Limoncello Cake

I have frequently shocked waiters in Italy and – on a very memorable occasion – a Sorrentine ice cream maker by waiving an offered Limoncello on the house and, when pressed, admitting that I am not a fan of the syrupy drink. I often enough made up for my outrageous Northern bluntness by quietly braving the sugary attack on my taste buds in situations when I felt that the dictates of politeness were more exacting, the sacrifice being, after all, small.

But having said this, there remains a more complex twist to the story. While I remain obstinate when it comes to consuming the sticky liquid in its intended form as a drink, I actually think that it is a fantastic baking ingredient, and I add it frequently to cakes, fillings and desserts. Just do not forget to reduce your sugar portion accordingly – there is plenty of it in the Limoncello already!

This recipe is for a moist cake full of lemon flavor which goes excellent with both tea and coffee. Or with Limoncello, of course, if you like it! 😀


Ingredients (for one ca. 20 x 9 x 9 cm cake mold):

  • 125 grams of butter, room temperature
  • 100 grams of icing sugar
  • 2 shots of Limoncello
  • several drops of lemon baking oil
  • 3 eggs, room temperature
  • 150 grams of flour
  • 1.5 teaspoons of baking powder
  • peel of 1 lemon, peeled of in quarters


  1. Beat the butter to a pommade. (Beat on high with an electric mixer until very creamy. Occasionally place over boiling water while beating but remove immediately again when the butter starts melting! It should by no means become liquid, but mainly adopt a very creamy texture and glossy look resembling hair pomade.)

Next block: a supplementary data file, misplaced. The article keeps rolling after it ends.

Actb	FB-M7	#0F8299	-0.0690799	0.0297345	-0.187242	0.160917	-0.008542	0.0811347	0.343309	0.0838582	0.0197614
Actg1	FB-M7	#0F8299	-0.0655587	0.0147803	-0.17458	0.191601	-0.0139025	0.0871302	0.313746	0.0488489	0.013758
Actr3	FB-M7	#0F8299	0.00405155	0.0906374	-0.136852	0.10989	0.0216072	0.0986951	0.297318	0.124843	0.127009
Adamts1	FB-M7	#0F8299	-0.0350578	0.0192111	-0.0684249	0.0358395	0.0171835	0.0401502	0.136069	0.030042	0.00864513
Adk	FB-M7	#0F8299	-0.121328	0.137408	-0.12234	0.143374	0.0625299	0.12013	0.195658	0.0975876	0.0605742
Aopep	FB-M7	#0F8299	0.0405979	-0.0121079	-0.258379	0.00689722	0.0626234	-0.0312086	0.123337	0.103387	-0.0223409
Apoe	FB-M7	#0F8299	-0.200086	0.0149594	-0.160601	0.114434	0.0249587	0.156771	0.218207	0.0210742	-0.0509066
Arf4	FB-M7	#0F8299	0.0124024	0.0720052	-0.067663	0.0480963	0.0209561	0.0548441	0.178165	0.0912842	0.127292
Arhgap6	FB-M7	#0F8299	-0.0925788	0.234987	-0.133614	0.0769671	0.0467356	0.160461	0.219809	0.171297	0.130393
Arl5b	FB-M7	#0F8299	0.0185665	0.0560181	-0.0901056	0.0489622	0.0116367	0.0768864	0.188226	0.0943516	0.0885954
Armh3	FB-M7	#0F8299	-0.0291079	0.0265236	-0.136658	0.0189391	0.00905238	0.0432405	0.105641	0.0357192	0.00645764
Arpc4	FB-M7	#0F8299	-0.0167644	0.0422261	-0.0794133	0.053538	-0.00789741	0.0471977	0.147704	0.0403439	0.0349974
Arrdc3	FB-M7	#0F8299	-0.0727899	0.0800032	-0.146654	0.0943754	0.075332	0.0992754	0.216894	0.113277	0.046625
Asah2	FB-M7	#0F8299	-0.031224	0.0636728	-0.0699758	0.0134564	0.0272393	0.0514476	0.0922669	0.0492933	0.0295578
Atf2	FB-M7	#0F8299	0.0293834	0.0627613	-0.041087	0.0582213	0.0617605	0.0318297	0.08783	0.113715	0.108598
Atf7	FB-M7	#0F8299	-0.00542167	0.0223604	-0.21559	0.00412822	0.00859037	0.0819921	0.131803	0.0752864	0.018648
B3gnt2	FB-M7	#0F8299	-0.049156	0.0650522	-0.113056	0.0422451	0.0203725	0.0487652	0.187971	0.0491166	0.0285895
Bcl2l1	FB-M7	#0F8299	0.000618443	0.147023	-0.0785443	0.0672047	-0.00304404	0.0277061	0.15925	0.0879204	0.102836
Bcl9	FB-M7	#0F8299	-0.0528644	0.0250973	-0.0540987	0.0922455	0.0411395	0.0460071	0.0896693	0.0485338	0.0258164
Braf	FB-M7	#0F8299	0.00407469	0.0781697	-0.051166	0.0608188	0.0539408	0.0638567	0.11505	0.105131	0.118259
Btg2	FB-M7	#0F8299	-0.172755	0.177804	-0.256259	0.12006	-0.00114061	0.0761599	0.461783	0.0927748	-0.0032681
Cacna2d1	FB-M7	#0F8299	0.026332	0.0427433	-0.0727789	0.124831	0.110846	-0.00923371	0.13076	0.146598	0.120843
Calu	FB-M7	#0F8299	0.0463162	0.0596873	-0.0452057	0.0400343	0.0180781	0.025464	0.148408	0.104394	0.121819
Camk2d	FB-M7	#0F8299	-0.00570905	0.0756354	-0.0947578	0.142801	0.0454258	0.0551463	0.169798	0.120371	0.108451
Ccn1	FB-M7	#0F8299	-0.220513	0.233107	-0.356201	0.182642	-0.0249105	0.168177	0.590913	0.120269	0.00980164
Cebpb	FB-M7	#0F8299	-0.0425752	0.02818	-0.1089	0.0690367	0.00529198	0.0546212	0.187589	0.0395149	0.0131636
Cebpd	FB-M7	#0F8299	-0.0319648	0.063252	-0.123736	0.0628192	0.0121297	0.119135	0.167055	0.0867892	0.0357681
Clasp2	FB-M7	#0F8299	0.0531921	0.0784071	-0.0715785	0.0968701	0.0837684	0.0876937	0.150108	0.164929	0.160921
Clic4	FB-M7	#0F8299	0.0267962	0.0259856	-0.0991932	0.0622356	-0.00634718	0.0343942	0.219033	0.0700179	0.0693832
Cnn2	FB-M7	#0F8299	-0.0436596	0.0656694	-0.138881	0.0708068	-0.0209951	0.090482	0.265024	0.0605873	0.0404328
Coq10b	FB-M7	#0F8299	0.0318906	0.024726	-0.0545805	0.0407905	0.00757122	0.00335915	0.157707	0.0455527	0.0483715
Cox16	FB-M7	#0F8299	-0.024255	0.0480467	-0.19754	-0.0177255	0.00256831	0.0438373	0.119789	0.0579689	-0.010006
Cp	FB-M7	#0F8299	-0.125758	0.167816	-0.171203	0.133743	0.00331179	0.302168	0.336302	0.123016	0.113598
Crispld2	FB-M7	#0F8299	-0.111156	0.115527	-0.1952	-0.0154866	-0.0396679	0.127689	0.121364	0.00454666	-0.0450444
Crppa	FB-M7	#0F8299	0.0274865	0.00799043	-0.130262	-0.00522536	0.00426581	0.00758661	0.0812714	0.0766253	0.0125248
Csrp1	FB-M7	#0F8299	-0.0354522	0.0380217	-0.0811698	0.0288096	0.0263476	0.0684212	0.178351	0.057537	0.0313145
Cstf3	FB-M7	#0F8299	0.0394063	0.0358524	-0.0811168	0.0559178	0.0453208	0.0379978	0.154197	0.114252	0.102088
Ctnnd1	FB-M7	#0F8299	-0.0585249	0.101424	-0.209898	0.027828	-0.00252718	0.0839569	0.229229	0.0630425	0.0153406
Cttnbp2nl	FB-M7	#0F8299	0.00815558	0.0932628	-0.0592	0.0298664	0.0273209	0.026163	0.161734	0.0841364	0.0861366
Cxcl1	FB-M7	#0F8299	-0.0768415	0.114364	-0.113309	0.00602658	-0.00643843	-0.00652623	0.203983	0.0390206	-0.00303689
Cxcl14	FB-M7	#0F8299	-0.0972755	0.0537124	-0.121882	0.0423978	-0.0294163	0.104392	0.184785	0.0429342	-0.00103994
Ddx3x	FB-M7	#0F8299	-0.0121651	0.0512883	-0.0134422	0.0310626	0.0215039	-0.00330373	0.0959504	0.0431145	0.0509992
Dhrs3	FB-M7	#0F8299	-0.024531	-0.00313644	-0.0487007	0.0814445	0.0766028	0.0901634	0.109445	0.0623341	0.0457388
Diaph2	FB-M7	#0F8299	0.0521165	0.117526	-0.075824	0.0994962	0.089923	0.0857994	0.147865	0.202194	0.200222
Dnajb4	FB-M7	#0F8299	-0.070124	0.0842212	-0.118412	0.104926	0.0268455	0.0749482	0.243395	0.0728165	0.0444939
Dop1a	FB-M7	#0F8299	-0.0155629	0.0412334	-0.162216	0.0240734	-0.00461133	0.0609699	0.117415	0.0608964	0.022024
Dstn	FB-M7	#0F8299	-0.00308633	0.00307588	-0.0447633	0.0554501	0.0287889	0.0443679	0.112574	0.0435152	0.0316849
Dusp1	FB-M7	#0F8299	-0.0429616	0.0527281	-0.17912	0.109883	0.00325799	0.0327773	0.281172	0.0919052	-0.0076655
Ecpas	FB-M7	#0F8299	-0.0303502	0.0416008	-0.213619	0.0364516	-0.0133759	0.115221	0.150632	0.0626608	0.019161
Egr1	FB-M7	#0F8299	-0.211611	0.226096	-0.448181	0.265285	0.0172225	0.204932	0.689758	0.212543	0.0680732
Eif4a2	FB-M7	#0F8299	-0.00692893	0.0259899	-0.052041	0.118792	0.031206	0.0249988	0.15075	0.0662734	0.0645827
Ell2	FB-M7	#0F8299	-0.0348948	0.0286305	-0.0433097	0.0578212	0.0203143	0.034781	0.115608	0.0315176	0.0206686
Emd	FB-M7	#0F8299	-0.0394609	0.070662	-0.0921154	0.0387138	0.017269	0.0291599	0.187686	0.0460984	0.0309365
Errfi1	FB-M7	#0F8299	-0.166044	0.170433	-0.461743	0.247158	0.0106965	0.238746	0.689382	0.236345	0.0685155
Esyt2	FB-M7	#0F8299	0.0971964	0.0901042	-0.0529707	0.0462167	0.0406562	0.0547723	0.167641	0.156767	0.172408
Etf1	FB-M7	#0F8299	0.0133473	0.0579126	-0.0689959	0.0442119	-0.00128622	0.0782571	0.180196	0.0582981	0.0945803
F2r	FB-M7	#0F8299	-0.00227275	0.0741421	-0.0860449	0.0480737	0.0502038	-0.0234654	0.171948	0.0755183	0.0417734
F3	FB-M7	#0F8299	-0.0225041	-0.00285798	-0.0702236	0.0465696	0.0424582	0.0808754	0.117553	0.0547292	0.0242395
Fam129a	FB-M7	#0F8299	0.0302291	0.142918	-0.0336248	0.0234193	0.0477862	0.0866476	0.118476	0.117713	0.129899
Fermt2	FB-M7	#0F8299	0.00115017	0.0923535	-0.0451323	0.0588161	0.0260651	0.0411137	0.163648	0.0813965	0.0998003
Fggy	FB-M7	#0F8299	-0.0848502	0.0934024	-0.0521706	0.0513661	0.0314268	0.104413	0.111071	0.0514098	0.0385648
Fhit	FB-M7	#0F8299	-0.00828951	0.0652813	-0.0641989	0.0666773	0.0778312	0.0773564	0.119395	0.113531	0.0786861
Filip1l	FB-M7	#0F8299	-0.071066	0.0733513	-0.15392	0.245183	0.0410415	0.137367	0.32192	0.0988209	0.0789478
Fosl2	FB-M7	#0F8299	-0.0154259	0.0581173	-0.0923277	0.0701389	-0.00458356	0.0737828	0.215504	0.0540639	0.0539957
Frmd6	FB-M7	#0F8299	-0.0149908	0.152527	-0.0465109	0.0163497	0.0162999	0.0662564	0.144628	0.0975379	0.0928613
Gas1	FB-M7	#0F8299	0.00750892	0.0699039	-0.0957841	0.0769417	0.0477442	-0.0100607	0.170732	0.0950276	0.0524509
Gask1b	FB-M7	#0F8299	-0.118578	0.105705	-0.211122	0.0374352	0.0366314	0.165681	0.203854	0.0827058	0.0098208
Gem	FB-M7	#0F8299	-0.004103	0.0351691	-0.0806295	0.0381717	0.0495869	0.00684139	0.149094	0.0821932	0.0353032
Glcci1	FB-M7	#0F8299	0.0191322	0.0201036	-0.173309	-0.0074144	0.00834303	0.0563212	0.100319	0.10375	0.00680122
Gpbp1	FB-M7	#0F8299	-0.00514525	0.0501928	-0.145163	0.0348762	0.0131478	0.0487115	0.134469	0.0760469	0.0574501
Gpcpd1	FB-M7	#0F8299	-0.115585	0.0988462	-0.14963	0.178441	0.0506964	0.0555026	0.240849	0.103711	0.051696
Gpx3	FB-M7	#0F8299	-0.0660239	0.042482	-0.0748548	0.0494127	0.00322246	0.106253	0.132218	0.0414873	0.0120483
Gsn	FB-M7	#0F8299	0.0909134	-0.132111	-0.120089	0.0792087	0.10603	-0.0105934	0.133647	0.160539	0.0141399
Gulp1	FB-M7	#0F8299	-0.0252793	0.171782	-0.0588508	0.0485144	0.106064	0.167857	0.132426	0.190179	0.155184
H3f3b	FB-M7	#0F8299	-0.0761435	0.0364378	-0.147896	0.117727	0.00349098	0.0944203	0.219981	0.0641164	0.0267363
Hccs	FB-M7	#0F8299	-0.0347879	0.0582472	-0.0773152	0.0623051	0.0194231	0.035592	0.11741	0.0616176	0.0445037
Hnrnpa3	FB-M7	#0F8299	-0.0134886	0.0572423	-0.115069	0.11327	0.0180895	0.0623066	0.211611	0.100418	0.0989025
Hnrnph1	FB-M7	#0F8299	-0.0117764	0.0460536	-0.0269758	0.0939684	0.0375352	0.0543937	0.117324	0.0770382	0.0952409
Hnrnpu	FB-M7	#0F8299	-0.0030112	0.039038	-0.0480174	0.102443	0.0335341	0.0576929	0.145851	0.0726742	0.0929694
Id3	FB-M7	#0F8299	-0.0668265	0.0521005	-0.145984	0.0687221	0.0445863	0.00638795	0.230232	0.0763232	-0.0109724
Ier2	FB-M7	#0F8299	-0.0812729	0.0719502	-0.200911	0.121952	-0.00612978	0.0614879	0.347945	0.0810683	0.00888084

2. Add the sugar in smaller batches and continue beating vigorously with a baking spatula. The butter shall turn very creamy and almost white.
  3. Add the Limoncello and baking oil and continue to beat.
  4. One by one, fold in 2 whole eggs and 1 egg yolk. Each time, beat vigorously until you obtain a smooth batter before adding the next egg. (By all means ensure that the eggs are room temperature or the butter will curdle.)
  5. Pass the flour and baking powder through a fine mesh and fold into the batter in several batches. Continue whisking until you obtain a very smooth dough.
  6. Remove all the white bits from the lemon peel and keep only the yellow outside skin. (This is best done by using a very thin blade and placing the lemon skin with the outside skin facing down on a cutting board. Hold from one tip and carefully slice of the entire pith.) Chop roughly and fold into the batter.
  7. Pre-heat the oven to 170 degrees Celsius (fan oven). Butter a small rectangular cake mold.
  8. Pour the batter into the mold. Bake for approximately 10 to 15 minutes, then make an approximately 2.5 m deep incision in the top of the cake.
  9. Continue baking for 35 to 45 minutes until a tester comes out clean. (Keep checking regularly – if the cake turns to dark, reduce the temperature.)
  10. Let cool down completely. Dust with a bit of icing sugar before serving.
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